Thought provoking ANTELBELLUM at Cleveland Public Theatre
In 1939, Hattie McDaniel was the first African-American to win an Oscar for her portrayal of Mammy in GONE WITH THE WIND. She was also the first African American to be an invited guest to attend the Oscars. Ironically, she was required to sit alone at the back of the Cocoanut Grove, the site of the award ceremonies, a far distance from the white performers in the movie.
Berlin in the 1930s was a hotbed of decadence. There were over 160 gay and lesbian bars and nightclubs. The use of drugs, prostitution, cross dressing and other lifestyle choices were in vogue before the rise of the Nazis.
It is against these two backdrops that Robert O’Hara’s ANTEBELLUM, which is getting its regional premiere at Cleveland Public Theatre, is set.
The play is part mystery, part romance, and an adventure that bridges together religion and race in a time of hatred. Its underpinning is expressed in the director’s notes in the program: “As I see [U. S.] conservative extremists gaining momentum, I often have the same fear that Gabriel shares in the play, ‘The majority remains quiet..And it is the minority…which strikes the match.’”
We watch as the scenes switch back and forth between a Southern plantation, a Berlin cabaret, and a concentration camp. We find Gabriel, a Black American cabaret singer as he transitions from entertainer and the lover of a Jewish Southern American male (Ariel Roca) who is in Berlin “on business,” to becoming a companion to a Nazi officer (Oskar von Schleicher).
Meanwhile, in Atlanta, there is much decadence surrounding the world premiere of the movie GONE WITH THE WIND. Into the southern setting steps Edna, who arrives unexpectedly at the home of Ariel and Sarah Roca. Yes, the same Ariel that we saw in Berlin. Why is Edna there? What havoc will her appearance cause? Time will tell, and the results are shocking and illuminating.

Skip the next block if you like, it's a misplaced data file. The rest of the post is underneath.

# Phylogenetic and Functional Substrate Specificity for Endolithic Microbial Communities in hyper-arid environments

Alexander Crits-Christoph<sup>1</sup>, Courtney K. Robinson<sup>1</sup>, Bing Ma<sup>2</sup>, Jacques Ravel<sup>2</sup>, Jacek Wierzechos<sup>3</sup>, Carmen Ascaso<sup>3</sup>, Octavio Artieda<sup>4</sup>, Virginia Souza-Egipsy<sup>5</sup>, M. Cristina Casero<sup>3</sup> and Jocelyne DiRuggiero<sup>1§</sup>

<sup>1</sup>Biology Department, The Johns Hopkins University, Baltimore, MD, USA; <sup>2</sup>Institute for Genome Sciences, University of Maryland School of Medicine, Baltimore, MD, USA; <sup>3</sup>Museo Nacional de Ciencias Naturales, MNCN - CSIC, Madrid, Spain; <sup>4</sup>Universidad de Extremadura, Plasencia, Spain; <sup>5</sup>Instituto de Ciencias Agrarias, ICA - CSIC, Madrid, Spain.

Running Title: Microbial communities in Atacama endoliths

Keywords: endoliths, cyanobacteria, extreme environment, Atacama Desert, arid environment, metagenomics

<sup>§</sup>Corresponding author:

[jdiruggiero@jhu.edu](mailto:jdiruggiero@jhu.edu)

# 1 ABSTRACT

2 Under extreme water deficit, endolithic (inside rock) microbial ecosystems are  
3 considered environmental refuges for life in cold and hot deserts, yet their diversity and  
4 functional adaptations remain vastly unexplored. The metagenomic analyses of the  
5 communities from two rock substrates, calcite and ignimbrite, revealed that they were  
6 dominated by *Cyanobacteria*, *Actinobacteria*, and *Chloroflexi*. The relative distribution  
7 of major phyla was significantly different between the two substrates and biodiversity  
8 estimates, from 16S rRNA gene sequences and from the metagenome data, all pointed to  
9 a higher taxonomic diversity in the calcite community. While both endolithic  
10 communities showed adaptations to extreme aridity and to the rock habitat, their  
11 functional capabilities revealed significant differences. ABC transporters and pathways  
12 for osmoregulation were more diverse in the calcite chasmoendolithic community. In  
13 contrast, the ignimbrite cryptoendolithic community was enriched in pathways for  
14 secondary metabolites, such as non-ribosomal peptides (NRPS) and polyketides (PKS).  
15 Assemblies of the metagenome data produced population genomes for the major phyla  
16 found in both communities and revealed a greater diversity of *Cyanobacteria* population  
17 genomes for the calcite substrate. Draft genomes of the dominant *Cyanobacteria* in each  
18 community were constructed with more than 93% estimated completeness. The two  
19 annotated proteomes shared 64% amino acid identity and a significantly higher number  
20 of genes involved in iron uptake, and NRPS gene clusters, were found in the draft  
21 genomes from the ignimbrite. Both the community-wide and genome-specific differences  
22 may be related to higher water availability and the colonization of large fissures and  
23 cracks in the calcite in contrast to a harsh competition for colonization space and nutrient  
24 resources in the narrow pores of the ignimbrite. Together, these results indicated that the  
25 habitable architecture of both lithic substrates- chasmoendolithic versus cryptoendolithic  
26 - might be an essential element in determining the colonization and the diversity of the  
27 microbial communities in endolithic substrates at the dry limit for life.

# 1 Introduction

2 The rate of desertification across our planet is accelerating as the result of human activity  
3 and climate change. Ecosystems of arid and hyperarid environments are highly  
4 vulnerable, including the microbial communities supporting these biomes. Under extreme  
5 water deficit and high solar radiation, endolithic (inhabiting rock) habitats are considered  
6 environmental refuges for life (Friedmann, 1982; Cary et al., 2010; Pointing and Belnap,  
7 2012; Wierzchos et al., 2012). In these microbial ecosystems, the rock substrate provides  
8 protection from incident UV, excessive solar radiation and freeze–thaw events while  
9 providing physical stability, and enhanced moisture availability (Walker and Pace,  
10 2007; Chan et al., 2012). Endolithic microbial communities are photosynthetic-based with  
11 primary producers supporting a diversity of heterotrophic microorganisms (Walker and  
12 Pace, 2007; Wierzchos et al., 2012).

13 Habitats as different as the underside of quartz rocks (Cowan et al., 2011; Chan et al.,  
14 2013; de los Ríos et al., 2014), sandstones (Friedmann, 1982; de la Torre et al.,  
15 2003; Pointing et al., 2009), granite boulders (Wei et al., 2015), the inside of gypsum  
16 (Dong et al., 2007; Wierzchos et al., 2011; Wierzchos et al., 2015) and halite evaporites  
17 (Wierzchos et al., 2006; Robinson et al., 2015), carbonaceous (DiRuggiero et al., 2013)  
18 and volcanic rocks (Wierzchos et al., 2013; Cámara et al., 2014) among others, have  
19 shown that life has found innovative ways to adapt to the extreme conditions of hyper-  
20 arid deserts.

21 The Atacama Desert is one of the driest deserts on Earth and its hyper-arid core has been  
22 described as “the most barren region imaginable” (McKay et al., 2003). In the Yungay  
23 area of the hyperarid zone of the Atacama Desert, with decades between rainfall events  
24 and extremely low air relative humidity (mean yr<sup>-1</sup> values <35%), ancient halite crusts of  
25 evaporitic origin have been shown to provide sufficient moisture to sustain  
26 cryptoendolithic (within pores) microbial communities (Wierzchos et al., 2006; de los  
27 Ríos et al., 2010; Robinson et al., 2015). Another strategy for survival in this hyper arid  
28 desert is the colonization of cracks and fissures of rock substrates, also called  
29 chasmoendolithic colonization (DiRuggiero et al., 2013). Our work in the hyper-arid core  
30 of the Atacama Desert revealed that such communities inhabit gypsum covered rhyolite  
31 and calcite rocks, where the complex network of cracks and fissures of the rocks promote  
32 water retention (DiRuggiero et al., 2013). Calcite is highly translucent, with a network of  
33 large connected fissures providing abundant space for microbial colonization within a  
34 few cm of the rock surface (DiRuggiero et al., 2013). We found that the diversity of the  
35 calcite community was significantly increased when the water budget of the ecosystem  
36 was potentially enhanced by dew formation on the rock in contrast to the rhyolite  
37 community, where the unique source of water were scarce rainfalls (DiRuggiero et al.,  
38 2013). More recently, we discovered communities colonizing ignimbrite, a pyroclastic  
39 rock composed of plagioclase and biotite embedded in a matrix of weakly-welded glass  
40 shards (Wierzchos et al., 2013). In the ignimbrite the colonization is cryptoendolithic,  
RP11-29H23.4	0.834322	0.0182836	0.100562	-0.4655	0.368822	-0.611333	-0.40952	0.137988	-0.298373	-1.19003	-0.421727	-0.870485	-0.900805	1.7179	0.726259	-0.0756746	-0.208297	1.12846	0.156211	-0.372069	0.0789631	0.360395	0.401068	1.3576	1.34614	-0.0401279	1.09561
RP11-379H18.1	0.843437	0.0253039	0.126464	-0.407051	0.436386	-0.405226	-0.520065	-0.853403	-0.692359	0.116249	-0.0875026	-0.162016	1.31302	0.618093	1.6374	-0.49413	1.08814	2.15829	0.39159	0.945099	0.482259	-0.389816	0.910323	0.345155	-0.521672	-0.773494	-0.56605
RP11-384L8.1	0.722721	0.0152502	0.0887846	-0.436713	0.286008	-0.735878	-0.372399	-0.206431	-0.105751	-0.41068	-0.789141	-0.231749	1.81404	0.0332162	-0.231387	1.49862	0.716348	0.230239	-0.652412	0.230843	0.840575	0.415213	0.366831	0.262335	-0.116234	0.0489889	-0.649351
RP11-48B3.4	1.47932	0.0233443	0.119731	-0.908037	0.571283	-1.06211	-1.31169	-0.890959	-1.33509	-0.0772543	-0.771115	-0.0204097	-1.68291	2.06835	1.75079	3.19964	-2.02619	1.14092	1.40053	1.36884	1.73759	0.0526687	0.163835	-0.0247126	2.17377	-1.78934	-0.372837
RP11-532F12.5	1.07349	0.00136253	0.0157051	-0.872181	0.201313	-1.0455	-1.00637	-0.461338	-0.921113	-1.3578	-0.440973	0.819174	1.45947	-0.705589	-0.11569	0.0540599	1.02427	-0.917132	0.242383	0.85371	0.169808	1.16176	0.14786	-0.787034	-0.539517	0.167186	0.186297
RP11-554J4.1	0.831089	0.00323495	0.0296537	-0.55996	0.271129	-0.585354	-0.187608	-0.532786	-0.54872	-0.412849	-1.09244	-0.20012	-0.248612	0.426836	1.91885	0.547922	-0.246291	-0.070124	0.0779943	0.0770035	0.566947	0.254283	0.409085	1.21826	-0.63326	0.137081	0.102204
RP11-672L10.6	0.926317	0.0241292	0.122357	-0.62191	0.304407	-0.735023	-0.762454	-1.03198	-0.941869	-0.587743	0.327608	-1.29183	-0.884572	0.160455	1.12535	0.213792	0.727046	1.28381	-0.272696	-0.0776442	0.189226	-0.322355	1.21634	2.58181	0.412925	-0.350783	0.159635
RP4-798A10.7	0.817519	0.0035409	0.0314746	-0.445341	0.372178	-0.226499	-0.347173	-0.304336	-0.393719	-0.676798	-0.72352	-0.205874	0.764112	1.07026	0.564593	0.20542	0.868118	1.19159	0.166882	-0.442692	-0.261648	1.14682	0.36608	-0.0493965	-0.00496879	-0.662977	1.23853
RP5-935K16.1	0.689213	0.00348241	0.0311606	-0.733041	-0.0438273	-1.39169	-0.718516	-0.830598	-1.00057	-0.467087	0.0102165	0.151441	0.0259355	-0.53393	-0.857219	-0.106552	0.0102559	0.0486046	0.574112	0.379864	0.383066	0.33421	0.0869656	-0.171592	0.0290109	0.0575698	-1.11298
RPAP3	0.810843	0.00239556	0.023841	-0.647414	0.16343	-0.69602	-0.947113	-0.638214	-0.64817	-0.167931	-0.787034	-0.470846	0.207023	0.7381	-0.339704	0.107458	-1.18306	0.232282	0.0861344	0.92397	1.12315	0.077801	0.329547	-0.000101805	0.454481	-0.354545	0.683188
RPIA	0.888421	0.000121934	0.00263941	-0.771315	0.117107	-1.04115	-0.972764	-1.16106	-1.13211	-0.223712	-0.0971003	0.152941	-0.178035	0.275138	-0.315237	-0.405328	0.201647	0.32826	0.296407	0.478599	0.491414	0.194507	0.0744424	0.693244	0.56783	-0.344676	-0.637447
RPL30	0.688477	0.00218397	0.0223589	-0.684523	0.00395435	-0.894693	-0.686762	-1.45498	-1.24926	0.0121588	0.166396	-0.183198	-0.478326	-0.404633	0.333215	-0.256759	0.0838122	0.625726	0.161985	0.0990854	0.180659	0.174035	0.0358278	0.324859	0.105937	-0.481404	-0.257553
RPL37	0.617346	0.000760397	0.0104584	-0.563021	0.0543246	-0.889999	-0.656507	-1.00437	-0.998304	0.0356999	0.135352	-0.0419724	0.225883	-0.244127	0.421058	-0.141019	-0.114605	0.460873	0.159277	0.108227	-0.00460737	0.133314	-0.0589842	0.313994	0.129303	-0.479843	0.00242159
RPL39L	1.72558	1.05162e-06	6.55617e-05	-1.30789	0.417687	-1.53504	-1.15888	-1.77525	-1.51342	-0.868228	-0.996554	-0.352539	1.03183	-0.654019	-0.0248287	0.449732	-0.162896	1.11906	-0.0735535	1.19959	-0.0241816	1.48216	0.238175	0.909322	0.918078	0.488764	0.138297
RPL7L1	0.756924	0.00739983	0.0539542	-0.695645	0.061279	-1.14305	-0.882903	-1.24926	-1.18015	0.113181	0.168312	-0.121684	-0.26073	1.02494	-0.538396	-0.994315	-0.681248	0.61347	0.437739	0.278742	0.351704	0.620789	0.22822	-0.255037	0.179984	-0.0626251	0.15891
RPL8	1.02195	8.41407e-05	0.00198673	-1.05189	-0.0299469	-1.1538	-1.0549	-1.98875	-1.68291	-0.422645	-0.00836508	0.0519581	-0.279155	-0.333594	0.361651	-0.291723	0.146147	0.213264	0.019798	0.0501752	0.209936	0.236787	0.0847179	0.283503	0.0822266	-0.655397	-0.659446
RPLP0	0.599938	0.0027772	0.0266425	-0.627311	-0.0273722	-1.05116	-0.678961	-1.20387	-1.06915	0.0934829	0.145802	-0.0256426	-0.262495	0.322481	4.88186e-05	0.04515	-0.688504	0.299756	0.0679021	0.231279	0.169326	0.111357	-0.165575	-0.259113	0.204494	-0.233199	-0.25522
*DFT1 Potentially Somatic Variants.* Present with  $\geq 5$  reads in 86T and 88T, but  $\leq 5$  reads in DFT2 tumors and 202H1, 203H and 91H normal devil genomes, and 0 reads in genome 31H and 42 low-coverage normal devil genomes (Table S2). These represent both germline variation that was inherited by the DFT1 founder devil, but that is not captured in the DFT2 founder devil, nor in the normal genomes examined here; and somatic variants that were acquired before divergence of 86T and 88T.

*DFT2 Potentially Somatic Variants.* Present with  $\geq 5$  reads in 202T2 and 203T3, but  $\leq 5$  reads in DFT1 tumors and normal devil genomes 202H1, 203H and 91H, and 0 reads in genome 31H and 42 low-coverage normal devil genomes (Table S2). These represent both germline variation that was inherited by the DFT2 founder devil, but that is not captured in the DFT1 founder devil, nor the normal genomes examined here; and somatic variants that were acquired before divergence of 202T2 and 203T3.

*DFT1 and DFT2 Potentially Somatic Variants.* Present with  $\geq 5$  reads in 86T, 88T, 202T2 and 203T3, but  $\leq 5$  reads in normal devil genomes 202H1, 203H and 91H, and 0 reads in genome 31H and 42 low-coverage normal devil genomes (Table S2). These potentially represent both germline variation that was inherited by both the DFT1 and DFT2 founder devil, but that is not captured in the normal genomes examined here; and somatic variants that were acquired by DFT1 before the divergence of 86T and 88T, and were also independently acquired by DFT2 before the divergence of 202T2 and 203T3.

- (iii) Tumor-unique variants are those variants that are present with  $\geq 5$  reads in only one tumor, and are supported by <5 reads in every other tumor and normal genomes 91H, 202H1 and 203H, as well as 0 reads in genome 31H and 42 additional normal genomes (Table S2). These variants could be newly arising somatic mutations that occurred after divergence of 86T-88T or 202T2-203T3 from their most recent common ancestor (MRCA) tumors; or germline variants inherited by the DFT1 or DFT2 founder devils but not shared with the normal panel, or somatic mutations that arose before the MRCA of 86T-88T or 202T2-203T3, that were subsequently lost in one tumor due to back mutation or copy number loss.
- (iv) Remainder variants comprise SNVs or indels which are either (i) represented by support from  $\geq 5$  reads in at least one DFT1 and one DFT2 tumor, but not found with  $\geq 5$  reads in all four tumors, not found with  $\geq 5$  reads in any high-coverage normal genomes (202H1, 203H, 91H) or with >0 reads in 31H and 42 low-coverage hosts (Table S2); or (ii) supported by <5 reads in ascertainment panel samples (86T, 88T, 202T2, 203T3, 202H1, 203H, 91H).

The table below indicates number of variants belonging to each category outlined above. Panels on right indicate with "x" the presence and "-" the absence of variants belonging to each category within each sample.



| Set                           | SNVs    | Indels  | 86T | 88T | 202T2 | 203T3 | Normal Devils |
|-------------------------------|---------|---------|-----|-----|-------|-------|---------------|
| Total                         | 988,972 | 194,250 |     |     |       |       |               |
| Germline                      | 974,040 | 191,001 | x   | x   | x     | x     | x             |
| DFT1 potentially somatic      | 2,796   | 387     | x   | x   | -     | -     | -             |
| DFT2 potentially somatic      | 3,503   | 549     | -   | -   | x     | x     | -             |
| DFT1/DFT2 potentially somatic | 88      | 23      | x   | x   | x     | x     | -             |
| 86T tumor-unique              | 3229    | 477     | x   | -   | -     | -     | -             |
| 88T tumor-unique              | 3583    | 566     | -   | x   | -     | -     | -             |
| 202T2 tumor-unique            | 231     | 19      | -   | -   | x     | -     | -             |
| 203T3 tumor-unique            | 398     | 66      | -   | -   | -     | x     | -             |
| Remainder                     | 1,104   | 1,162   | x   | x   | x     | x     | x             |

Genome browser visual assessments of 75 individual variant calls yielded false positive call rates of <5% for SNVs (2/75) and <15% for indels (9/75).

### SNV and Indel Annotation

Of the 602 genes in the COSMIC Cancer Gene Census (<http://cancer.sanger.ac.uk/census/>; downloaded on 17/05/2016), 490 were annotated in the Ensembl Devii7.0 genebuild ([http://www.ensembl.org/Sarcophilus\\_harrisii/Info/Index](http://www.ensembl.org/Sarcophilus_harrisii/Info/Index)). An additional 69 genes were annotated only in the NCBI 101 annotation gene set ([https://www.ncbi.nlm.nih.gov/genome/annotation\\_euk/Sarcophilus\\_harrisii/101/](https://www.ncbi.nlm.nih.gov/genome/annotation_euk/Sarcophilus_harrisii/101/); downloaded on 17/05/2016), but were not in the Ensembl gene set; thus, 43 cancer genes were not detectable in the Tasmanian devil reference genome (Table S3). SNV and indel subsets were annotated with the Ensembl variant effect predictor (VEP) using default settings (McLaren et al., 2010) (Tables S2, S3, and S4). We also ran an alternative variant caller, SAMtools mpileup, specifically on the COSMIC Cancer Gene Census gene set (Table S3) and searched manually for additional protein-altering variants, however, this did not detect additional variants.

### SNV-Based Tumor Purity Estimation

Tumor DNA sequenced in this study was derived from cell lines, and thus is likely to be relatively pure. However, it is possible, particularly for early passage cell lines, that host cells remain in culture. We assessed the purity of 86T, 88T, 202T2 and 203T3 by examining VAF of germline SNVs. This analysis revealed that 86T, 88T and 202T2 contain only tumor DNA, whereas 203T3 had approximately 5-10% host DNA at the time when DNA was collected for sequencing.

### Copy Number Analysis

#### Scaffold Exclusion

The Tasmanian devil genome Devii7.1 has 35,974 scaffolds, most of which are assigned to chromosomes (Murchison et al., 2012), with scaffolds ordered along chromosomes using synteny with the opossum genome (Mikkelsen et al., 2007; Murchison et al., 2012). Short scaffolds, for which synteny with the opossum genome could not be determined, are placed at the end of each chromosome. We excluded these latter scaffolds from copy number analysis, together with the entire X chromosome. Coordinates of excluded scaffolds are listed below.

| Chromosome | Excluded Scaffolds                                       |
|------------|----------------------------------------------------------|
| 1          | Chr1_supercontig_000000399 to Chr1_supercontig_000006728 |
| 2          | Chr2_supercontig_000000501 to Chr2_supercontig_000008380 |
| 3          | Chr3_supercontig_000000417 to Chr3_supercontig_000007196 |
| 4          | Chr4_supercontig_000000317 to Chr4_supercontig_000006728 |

O’Hara’s script is well crafted, but a bit melodramatic. It’s appropriately written in both the genre of the overdone romance movies of the 30s, combined with mystery approaches of the films of that same era.
The CPT production, under the direction of Beth Wood, generally works. Staged in a runway theatre configuration, with the audience on both sides of the stage, set up in the middle of the Gordon Square Theatre, Wood’s stage design allows for easy flow between various settings and keeps the audience close to the action. The major flaw is that the theatre’s high ceiling and hard walls causes echoes and difficulty in clearly hearing the words. The backs of the performers are constantly turned away from one part of the audience or the other. The actors make straight line stage crosses, rather than the traditional figure-8 eights used for this type of staging, which would have opened them to the audience. This, plus the southern drawls and German-American accents, makes clear hearing problematic.
Nicholas Sweeney as Gabriel, the cabaret singer, effectively develops his tightrope walking roll, moving from show boy, to lover, to medical experiment, with clarity. Dana Hart is properly both horrific and tender as the German commandant, who acts against the principles of the theories of the master race with his love for the Black, gay Gabriel. Laurel Hoffman clearly carries the audience on a journey asking whether she is a ditz, crazy or a manipulator as Sarah, the southern belle and unfulfilled convenience wife of Ariel. Mark Rabant is believable as the conflicted Ariel.
Only Audrey Lovy, as Edna, fails to develop a real character. She stays on the performance surface, using forced physical movements and unmotivated vocal idea development. Lovy doesn’t make us understand her real torment. The program credited-acting coach needed to work on this.
Sarah’s GONE WITH THE WIND gown, as created by Melanie Boeman, is one of the season’s costume highlights.
Capsule judgement: ANTEBLELLUM is a production well worth seeing. It is a thought provoking piece, which gets a very good production at CPT.